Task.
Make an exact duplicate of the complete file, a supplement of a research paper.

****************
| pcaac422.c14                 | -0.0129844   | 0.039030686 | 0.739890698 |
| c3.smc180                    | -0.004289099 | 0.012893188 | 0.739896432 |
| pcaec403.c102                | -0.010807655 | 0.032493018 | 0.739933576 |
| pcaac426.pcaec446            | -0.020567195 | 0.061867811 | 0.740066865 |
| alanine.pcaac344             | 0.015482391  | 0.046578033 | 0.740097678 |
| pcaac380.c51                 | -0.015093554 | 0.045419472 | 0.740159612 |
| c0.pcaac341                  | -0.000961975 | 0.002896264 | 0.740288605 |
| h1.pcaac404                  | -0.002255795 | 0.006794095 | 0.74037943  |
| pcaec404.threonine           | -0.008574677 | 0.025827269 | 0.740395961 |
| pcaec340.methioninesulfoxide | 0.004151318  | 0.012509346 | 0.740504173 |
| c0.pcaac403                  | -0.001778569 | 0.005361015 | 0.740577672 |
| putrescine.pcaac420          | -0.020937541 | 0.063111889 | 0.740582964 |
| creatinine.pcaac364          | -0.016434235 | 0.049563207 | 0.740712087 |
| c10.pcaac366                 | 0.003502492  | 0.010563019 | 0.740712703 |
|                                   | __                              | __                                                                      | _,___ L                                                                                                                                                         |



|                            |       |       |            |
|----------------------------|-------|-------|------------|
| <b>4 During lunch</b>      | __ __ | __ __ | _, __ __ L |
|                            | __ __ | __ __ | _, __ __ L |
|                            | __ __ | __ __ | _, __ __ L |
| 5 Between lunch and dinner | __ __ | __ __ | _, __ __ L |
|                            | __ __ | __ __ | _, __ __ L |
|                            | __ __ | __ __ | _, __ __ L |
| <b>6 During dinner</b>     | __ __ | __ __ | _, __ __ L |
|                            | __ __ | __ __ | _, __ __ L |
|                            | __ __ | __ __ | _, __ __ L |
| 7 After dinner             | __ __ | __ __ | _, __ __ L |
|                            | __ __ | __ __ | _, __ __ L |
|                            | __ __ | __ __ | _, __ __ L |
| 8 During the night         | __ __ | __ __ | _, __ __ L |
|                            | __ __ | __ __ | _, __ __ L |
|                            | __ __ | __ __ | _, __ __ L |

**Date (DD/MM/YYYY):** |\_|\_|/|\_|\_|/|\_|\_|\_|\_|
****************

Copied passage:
| pcaac422.c14                 | -0.0129844   | 0.039030686 | 0.739890698 |
| c3.smc180                    | -0.004289099 | 0.012893188 | 0.739896432 |
| pcaec403.c102                | -0.010807655 | 0.032493018 | 0.739933576 |
| pcaac426.pcaec446            | -0.020567195 | 0.061867811 | 0.740066865 |
| alanine.pcaac344             | 0.015482391  | 0.046578033 | 0.740097678 |
| pcaac380.c51                 | -0.015093554 | 0.045419472 | 0.740159612 |
| c0.pcaac341                  | -0.000961975 | 0.002896264 | 0.740288605 |
| h1.pcaac404                  | -0.002255795 | 0.006794095 | 0.74037943  |
| pcaec404.threonine           | -0.008574677 | 0.025827269 | 0.740395961 |
| pcaec340.methioninesulfoxide | 0.004151318  | 0.012509346 | 0.740504173 |
| c0.pcaac403                  | -0.001778569 | 0.005361015 | 0.740577672 |
| putrescine.pcaac420          | -0.020937541 | 0.063111889 | 0.740582964 |
| creatinine.pcaac364          | -0.016434235 | 0.049563207 | 0.740712087 |
| c10.pcaac366                 | 0.003502492  | 0.010563019 | 0.740712703 |
|                                   | __                              | __                                                                      | _,___ L                                                                                                                                                         |



|                            |       |       |            |
|----------------------------|-------|-------|------------|
| <b>4 During lunch</b>      | __ __ | __ __ | _, __ __ L |
|                            | __ __ | __ __ | _, __ __ L |
|                            | __ __ | __ __ | _, __ __ L |
| 5 Between lunch and dinner | __ __ | __ __ | _, __ __ L |
|                            | __ __ | __ __ | _, __ __ L |
|                            | __ __ | __ __ | _, __ __ L |
| <b>6 During dinner</b>     | __ __ | __ __ | _, __ __ L |
|                            | __ __ | __ __ | _, __ __ L |
|                            | __ __ | __ __ | _, __ __ L |
| 7 After dinner             | __ __ | __ __ | _, __ __ L |
|                            | __ __ | __ __ | _, __ __ L |
|                            | __ __ | __ __ | _, __ __ L |
| 8 During the night         | __ __ | __ __ | _, __ __ L |
|                            | __ __ | __ __ | _, __ __ L |
|                            | __ __ | __ __ | _, __ __ L |

**Date (DD/MM/YYYY):** |\_|\_|/|\_|\_|/|\_|\_|\_|\_|